It was my first time to visit a former Dutch colony and was really ecstatic to have seen a Dutch-style windmill and a huge water wheel. Both were probably just replicas but I was unfazed. It was as close I could get to see structural icons closely associated with the Netherlands.
|a nice wall around Melaka|
We decided to head off to Jonker Street to look for good eateries as we haven't had any good meal yet at that time. We decided to eat on a small, not-so-crowded restaurant to sample our host's recommended food, which was the chicken rice ball. Jonker Street is mostly residential and also features lots of good cafes and restaurants.
We somehow ended up going to Cheng Ho Cultural Museum. There were some displays that catched our attention so we decided to go inside. There were displays of antique Chinese items such as furnitures and vases that were up for sale, I think. They have a separate display that one can enter for 20 RM.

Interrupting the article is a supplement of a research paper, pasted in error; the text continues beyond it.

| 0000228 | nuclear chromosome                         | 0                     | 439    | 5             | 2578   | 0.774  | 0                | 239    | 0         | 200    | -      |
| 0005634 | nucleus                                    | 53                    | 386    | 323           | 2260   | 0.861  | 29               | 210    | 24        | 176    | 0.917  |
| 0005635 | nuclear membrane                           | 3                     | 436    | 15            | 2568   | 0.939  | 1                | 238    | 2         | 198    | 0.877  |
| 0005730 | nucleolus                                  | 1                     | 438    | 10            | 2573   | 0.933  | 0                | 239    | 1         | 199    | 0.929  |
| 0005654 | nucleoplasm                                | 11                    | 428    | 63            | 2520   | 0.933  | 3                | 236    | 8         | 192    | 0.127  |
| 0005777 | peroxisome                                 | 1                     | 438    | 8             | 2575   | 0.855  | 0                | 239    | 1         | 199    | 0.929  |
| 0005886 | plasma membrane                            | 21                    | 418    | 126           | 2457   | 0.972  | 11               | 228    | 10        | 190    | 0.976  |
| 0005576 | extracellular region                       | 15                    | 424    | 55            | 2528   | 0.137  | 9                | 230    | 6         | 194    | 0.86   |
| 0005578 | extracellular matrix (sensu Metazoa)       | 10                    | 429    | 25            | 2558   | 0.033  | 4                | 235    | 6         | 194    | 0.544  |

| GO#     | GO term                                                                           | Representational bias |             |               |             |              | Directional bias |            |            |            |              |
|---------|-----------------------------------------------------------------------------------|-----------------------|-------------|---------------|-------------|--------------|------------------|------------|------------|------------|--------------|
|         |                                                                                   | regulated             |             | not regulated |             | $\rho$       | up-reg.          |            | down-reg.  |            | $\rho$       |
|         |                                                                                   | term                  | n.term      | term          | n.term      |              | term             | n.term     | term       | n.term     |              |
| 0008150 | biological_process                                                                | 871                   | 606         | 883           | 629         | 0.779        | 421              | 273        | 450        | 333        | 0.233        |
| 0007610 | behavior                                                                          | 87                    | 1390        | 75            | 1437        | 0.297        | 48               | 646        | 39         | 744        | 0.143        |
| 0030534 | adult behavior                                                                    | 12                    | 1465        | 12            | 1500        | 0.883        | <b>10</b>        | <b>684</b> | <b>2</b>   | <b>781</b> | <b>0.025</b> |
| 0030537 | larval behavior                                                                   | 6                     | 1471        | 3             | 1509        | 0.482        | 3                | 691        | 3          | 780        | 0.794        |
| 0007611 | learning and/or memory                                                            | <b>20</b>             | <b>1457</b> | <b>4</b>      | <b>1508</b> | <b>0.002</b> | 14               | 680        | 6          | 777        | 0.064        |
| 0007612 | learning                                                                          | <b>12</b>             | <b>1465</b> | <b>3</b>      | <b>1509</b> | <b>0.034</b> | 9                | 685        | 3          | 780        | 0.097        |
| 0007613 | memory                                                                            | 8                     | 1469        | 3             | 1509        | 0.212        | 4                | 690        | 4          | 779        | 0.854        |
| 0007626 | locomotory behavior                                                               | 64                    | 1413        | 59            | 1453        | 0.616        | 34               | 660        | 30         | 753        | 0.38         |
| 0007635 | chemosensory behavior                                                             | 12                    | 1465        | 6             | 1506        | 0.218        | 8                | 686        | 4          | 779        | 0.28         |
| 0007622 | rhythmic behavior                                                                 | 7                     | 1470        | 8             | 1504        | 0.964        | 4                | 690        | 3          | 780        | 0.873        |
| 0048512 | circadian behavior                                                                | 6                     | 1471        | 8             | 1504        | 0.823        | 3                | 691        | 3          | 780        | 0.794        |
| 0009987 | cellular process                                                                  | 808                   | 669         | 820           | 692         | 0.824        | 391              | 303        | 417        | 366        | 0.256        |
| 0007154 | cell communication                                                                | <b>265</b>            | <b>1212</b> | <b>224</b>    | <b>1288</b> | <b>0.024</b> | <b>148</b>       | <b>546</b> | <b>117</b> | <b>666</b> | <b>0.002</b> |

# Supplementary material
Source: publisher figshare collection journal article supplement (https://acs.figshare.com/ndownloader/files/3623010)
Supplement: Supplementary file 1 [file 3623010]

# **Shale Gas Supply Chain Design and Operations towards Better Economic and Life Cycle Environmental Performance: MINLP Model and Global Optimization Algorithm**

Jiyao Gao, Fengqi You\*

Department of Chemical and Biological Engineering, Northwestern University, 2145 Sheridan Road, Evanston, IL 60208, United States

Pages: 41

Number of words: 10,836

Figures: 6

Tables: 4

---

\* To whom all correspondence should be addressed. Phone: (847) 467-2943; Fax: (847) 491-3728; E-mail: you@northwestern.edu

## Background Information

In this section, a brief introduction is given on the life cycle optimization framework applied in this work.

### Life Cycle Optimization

|display at the entrance to Cheng Ho Cultural Museum|
It came to a point where we got tired of wandering aimlessly and consulted the notes our host gave us. She recommended the Baba Nyonya Heritage Museum and The Baboon House so we set off to find where it was located by asking locals.
|reminds me of China's Terracotta warriors|
|a map (which I didn't find to be useful though)|
I wasn't really in the mood to see a museum since I'm not the museum-type kind of person but my friend insisted that we do. I thought the entrance fee of 12 RM was not bad though I was a bit disappointed to know that it was prohibited to take pictures. We came just in time for the last guided tour and we happily joined the rest of the group to see why this spot is one of the most recommended places when touring Malacca.